German and Sonderweg. Was Germany's development prior to WWII normal or abnormal.

Essay by GRabneyCollege, Undergraduate October 2003

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There are two different opinions regarding Germany's move towards Nazism in the 1930s and how it reacted to modernity. The notion of a conservative revolution in Germany sees the move to Nazism as a rejection of the changes of the Nineteenth-century in an attempt to move to a better future. Similarly, the idea of a reactionary modernism sees a movement for a rejection of certain parts of the modern heritage, much in accord with notions of the Sonderweg, or Germany's supposed special path to modernity. Definition and explication of both of these concepts, on their face appearing as paradoxes, is difficult, however, for Weimar Germany these notions were enormously powerful, seemingly influencing great masses of people to groups like the Nazis. Modernity has often been seen in connection with the Enlightenment with social criticism based on the Enlightenment paving the way for modernity. A more or less evolutionary development toward an ever better society was the thrust of this view, with social engineering an illustrative concept.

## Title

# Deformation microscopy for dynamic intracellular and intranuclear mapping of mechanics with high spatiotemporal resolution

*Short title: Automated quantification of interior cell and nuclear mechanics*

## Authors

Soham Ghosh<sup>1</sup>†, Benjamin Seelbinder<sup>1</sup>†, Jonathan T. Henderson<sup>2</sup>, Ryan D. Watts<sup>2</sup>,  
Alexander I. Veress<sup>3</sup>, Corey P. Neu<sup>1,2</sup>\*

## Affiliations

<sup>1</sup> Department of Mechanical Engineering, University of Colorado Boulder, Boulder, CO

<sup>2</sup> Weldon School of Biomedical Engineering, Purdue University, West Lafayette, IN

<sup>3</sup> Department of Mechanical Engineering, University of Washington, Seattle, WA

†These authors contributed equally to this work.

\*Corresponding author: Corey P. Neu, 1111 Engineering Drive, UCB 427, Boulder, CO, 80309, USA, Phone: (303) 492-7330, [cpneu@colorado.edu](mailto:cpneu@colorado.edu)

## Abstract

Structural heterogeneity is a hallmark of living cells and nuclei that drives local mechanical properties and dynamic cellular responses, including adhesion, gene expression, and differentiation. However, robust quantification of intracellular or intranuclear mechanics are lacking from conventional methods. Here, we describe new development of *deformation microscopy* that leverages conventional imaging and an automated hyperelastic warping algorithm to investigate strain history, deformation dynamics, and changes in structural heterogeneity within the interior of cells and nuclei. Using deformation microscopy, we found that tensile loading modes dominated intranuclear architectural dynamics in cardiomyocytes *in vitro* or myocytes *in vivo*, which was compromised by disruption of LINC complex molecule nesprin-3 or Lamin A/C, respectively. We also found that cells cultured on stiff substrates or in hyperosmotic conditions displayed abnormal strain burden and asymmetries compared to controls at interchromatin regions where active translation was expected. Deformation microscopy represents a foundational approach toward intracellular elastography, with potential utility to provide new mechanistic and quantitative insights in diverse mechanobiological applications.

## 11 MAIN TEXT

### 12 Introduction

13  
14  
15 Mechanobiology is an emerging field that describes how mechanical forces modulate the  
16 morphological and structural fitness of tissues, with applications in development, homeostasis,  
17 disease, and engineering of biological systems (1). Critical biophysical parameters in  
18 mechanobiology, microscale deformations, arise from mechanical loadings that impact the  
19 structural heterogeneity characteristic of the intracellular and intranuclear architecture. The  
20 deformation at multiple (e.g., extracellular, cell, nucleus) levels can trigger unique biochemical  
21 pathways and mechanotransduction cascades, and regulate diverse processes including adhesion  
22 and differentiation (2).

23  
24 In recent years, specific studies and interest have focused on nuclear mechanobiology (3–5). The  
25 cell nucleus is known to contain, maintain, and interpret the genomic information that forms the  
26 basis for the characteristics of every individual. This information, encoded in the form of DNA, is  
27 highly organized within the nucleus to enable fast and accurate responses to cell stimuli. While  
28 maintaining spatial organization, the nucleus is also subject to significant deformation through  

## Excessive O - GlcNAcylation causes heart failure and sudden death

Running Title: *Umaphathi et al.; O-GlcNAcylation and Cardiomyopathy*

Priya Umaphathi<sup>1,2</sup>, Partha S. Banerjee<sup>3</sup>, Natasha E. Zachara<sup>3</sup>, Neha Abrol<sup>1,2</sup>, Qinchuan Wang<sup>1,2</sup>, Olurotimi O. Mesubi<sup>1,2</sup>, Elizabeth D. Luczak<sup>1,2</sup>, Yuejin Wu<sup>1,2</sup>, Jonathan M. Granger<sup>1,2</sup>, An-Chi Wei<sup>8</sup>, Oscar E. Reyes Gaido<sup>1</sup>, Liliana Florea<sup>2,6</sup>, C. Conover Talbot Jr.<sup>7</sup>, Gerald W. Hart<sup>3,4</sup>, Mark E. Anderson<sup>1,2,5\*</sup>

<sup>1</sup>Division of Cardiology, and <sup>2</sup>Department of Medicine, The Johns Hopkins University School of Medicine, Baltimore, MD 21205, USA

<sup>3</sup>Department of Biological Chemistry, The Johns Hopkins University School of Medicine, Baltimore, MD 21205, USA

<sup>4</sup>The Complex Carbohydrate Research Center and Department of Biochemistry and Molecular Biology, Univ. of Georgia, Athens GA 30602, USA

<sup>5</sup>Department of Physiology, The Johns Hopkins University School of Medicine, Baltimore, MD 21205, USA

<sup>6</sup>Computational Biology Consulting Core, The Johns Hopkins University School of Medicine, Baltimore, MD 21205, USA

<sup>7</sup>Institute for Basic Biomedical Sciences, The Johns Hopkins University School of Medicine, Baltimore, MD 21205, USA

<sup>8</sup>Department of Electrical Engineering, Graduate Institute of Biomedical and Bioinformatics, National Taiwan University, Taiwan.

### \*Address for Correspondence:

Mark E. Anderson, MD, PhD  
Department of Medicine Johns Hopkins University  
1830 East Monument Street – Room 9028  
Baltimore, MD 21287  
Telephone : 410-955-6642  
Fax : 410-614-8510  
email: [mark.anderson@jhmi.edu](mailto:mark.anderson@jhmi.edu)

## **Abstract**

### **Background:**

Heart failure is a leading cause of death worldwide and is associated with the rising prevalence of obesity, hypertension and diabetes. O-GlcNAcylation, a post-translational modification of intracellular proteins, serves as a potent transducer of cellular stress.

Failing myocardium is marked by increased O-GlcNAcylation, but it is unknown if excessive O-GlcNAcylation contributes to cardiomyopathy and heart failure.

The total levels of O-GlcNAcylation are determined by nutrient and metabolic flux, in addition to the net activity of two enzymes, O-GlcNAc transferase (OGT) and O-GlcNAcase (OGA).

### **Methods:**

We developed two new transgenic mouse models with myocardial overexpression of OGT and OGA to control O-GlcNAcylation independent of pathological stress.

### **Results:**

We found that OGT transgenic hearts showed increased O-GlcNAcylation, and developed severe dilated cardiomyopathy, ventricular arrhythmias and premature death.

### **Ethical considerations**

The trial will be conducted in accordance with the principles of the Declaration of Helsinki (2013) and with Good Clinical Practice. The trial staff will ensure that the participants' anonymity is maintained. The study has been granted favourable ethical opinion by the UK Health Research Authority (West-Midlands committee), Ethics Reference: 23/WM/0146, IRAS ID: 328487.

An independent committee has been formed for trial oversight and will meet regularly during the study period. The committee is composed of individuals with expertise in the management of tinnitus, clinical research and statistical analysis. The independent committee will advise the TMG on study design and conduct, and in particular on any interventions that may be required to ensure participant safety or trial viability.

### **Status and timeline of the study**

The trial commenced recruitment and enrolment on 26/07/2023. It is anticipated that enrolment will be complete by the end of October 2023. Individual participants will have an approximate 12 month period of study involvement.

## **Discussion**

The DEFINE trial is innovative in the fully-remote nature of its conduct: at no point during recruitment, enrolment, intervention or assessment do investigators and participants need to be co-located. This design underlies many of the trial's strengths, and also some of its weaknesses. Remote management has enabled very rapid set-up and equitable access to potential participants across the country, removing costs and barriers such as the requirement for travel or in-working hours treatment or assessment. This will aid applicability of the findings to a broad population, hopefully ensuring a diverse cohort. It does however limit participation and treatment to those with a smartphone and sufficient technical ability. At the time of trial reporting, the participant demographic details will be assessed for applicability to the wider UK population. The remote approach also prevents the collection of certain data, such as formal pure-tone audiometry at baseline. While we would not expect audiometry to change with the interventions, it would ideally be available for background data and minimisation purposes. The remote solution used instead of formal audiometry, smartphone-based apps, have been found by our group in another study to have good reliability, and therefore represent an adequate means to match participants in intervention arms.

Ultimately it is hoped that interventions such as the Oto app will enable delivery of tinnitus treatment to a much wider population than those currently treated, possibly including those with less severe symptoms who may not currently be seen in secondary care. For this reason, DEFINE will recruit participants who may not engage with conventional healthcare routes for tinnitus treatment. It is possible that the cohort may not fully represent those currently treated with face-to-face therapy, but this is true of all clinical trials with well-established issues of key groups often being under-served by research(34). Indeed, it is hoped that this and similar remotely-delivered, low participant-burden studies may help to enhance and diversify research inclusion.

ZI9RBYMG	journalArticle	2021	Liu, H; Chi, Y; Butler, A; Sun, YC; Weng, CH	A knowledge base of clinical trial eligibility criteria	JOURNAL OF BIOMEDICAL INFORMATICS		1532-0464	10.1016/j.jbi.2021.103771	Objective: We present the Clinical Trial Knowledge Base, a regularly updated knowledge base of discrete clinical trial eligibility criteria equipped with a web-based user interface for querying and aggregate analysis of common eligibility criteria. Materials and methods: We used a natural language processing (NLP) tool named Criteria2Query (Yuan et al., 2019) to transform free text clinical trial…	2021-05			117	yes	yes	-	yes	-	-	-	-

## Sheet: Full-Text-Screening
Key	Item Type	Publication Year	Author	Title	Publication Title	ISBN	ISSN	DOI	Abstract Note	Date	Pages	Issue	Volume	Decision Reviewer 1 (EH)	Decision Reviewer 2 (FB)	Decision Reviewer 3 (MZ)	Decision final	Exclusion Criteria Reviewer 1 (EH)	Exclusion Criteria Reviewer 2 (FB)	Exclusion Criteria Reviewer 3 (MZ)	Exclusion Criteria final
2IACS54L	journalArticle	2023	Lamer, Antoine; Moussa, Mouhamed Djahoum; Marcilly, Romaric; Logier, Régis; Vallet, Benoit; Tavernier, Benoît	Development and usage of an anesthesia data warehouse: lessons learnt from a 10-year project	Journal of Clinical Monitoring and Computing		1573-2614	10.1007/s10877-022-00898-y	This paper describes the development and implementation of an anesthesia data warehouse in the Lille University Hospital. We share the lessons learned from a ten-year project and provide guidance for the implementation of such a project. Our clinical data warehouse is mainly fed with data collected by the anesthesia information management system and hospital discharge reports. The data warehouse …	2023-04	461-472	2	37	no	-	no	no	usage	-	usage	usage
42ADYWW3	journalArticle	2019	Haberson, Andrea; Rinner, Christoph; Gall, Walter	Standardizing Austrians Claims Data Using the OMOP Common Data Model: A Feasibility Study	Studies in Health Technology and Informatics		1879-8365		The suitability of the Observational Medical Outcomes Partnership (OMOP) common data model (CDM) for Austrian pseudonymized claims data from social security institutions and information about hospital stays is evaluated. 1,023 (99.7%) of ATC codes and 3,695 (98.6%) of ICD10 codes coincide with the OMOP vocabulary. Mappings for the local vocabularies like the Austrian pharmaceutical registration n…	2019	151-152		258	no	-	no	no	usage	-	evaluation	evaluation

Confidence in the capacity of social and economic thought to contribute to the improvement of society has been an important proponent of this view, which exists both in a Marxist and a liberal functionalist version.

The concept of Enlightenment was first pushed forward with the ideas of freedom and equality, merged in the motto of the French Revolution, and then later on split up and expressed in the two ideologies of liberalism and socialism. It is here that the ideas were corrupted and eventually lead to the complete domination of Germany by Nazism. Modernism was the vogue in Germany before World War I and was leading societal changes. Many of the new views and concepts were coming out of Germany during that time, the Bauhaus School being a prime example. With these changes came...